On September 15, 1910, Louisa V. Allen, with whom Peri E. Allen had contracted a second marriage, instituted a proceeding for the adoption of the minor, and on the same day the superior court of the city and county of San Francisco made an order for such adoption. At that time, and for a long period theretofore, the appellant was out of the jurisdiction. She returned to San Francisco, and on December 14, 1910, served a notice of motion to revoke the order of adoption and filed a petition for letters of guardianship of the person and estate of the minor. The respondent, Louisa V. Allen, filed an opposition and a counter petition for her own appointment as guardian. The motion to set aside the adoption and the petitions for letters of guardianship, were heard together. The court denied the motion to set aside the adoption, and in the guardianship proceeding, made an order denying Jennie Allen's petition for letters of guardianship and granting Louisa V. Allen's petition for such letters.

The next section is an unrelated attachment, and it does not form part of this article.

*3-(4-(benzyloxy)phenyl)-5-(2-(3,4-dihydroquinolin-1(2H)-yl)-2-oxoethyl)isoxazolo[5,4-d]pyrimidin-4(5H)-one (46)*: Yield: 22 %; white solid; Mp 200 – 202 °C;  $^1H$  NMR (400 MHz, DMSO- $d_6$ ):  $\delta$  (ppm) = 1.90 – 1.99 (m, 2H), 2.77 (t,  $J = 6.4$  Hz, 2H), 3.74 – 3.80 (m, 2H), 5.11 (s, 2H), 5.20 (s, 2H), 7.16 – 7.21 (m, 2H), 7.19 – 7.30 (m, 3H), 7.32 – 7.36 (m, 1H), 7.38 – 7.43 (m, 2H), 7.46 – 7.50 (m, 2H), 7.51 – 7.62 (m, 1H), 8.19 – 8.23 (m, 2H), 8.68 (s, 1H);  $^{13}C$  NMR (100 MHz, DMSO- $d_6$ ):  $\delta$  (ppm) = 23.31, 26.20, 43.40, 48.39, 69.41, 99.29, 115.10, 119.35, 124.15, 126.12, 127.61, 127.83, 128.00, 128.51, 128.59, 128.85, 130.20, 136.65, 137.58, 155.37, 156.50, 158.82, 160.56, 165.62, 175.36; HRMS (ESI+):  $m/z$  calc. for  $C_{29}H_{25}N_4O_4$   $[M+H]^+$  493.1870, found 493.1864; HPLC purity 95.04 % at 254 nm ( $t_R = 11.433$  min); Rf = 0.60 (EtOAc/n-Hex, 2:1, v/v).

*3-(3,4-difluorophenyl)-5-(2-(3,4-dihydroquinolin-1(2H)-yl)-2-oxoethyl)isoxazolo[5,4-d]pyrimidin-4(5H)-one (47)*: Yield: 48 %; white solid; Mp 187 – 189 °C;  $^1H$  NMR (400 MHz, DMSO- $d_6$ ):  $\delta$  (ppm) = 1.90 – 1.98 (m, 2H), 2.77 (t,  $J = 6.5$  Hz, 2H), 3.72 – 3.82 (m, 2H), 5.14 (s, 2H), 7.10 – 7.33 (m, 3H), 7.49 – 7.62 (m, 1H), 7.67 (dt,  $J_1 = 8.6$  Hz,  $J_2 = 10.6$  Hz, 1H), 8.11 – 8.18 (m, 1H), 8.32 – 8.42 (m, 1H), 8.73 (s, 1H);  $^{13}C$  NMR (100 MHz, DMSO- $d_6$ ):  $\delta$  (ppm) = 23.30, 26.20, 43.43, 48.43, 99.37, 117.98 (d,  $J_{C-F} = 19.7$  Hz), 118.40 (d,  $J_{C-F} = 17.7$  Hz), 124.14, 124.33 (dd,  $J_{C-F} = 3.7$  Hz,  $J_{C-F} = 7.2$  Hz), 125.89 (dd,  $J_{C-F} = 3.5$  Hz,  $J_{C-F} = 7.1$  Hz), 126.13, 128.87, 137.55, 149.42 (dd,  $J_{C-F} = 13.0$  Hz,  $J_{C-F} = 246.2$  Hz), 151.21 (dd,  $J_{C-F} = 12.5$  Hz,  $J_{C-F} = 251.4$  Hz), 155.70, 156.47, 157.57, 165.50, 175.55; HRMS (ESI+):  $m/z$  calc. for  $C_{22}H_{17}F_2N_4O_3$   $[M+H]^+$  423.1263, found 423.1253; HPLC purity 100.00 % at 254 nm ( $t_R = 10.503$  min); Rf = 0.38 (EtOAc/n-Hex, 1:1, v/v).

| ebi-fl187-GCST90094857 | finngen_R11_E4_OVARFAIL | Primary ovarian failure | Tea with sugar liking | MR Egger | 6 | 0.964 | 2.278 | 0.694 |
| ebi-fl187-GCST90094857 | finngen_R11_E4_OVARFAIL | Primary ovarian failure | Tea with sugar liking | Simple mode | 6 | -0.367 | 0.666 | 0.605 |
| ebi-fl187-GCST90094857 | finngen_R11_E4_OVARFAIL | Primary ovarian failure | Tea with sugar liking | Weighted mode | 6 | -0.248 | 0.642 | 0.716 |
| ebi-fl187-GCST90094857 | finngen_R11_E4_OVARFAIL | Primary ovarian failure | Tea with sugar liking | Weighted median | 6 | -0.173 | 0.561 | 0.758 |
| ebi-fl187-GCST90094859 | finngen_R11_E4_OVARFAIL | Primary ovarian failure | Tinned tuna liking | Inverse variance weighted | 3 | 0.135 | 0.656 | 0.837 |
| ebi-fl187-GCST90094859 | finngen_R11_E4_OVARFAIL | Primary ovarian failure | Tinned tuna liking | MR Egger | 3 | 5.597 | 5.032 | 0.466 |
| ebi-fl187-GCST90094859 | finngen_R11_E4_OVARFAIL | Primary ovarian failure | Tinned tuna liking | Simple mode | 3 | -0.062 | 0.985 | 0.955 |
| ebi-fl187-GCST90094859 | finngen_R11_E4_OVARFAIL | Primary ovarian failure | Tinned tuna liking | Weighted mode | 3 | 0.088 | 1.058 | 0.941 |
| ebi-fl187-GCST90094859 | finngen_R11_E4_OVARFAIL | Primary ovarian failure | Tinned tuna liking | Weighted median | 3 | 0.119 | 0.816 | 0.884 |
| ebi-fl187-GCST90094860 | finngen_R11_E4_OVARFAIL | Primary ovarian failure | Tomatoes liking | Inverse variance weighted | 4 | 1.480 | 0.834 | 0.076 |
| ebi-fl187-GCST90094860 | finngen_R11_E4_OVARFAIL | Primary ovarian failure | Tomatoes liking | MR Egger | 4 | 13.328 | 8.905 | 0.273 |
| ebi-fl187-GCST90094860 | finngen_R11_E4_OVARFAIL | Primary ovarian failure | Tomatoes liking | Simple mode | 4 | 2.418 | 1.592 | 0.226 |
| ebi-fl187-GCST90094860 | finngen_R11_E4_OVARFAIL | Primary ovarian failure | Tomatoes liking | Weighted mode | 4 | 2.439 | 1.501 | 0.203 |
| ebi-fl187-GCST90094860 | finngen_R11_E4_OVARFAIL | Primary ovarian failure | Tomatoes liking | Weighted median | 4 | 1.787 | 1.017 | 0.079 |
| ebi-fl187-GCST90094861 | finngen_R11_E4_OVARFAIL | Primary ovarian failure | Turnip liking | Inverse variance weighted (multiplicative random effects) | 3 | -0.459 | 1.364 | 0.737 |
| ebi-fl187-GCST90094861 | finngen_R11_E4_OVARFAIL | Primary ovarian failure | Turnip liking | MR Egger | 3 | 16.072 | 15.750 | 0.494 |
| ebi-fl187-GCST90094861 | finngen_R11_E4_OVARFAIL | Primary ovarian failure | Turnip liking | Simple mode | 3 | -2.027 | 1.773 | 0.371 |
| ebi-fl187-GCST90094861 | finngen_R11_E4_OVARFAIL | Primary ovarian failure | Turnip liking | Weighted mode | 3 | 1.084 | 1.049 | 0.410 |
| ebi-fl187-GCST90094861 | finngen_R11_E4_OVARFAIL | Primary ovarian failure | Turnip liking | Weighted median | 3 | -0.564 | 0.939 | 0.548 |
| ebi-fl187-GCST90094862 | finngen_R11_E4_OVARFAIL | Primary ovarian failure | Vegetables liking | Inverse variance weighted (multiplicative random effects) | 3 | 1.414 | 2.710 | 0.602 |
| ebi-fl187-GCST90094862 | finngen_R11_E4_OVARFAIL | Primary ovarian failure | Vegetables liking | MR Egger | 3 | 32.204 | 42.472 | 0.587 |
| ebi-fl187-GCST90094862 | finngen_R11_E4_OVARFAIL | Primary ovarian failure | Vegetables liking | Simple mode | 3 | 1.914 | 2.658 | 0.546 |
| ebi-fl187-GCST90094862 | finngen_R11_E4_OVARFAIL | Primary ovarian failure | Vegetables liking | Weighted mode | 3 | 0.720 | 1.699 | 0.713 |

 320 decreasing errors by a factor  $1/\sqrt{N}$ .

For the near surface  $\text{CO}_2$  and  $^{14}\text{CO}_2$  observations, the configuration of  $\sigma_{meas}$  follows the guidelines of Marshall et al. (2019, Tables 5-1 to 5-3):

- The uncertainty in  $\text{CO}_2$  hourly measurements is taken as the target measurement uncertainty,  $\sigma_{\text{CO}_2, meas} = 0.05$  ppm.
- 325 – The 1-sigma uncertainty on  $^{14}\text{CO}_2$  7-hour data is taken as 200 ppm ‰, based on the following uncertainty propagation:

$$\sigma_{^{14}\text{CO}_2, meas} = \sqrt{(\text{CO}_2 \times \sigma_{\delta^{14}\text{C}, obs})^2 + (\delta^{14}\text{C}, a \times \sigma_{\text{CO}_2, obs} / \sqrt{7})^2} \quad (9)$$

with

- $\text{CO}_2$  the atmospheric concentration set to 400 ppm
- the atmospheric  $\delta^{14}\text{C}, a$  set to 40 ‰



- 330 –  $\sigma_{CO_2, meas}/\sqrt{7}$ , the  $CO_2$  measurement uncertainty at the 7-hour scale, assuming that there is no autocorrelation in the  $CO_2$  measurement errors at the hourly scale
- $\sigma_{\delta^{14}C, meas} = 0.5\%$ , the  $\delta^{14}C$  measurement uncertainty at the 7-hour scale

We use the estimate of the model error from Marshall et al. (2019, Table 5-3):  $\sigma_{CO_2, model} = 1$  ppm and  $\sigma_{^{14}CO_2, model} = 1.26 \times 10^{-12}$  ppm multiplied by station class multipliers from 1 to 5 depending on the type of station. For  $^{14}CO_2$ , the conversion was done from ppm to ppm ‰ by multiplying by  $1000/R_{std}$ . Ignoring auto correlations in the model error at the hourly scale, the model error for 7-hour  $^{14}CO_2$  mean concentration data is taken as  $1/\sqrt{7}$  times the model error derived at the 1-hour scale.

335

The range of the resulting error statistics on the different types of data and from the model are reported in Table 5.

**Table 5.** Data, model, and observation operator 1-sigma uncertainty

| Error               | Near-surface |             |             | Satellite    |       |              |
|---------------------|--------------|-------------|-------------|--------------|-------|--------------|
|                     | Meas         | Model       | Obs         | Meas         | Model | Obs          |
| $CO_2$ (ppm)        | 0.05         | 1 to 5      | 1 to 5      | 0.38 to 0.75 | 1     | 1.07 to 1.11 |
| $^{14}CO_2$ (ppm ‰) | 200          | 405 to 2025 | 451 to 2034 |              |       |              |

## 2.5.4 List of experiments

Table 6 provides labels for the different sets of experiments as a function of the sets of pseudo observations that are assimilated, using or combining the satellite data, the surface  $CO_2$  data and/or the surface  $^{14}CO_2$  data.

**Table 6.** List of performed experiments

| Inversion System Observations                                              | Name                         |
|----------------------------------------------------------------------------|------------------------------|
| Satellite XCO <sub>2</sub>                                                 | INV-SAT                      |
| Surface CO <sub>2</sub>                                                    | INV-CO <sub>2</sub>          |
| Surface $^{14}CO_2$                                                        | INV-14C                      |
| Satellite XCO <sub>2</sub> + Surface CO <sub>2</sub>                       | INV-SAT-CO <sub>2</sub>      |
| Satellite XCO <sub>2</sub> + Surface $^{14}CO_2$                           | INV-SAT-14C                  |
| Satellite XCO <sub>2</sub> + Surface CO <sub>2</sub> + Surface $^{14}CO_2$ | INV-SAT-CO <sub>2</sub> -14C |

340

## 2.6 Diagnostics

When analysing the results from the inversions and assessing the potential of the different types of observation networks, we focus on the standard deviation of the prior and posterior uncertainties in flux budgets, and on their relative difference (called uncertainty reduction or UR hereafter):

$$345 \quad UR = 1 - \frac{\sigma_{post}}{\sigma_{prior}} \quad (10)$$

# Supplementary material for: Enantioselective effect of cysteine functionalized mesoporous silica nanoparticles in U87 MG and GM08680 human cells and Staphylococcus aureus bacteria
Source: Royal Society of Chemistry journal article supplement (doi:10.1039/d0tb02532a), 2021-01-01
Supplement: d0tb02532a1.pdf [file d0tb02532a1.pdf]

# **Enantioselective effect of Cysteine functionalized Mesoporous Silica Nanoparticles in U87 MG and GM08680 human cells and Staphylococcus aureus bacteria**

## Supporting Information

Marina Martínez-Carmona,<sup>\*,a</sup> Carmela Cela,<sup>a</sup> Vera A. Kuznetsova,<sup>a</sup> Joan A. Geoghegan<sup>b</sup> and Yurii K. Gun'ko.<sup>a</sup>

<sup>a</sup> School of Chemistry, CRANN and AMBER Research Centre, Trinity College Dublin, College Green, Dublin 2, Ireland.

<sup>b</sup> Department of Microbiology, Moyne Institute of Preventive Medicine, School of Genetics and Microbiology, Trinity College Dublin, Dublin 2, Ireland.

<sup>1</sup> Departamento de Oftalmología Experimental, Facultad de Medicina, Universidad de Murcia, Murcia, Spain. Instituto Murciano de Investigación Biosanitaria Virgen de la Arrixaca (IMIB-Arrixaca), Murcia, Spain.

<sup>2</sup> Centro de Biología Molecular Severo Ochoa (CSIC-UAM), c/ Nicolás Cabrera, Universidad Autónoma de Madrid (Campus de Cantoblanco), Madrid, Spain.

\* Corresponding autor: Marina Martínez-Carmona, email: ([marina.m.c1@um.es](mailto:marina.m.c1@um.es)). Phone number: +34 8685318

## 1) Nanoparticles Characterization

Jennie Allen now appeals from these orders. She raises many points, but as most of them are founded upon the assumption that the attempt of the mother to appoint a guardian by will was valid, the inquiry may be simplified by an examination of the soundness of this assumption.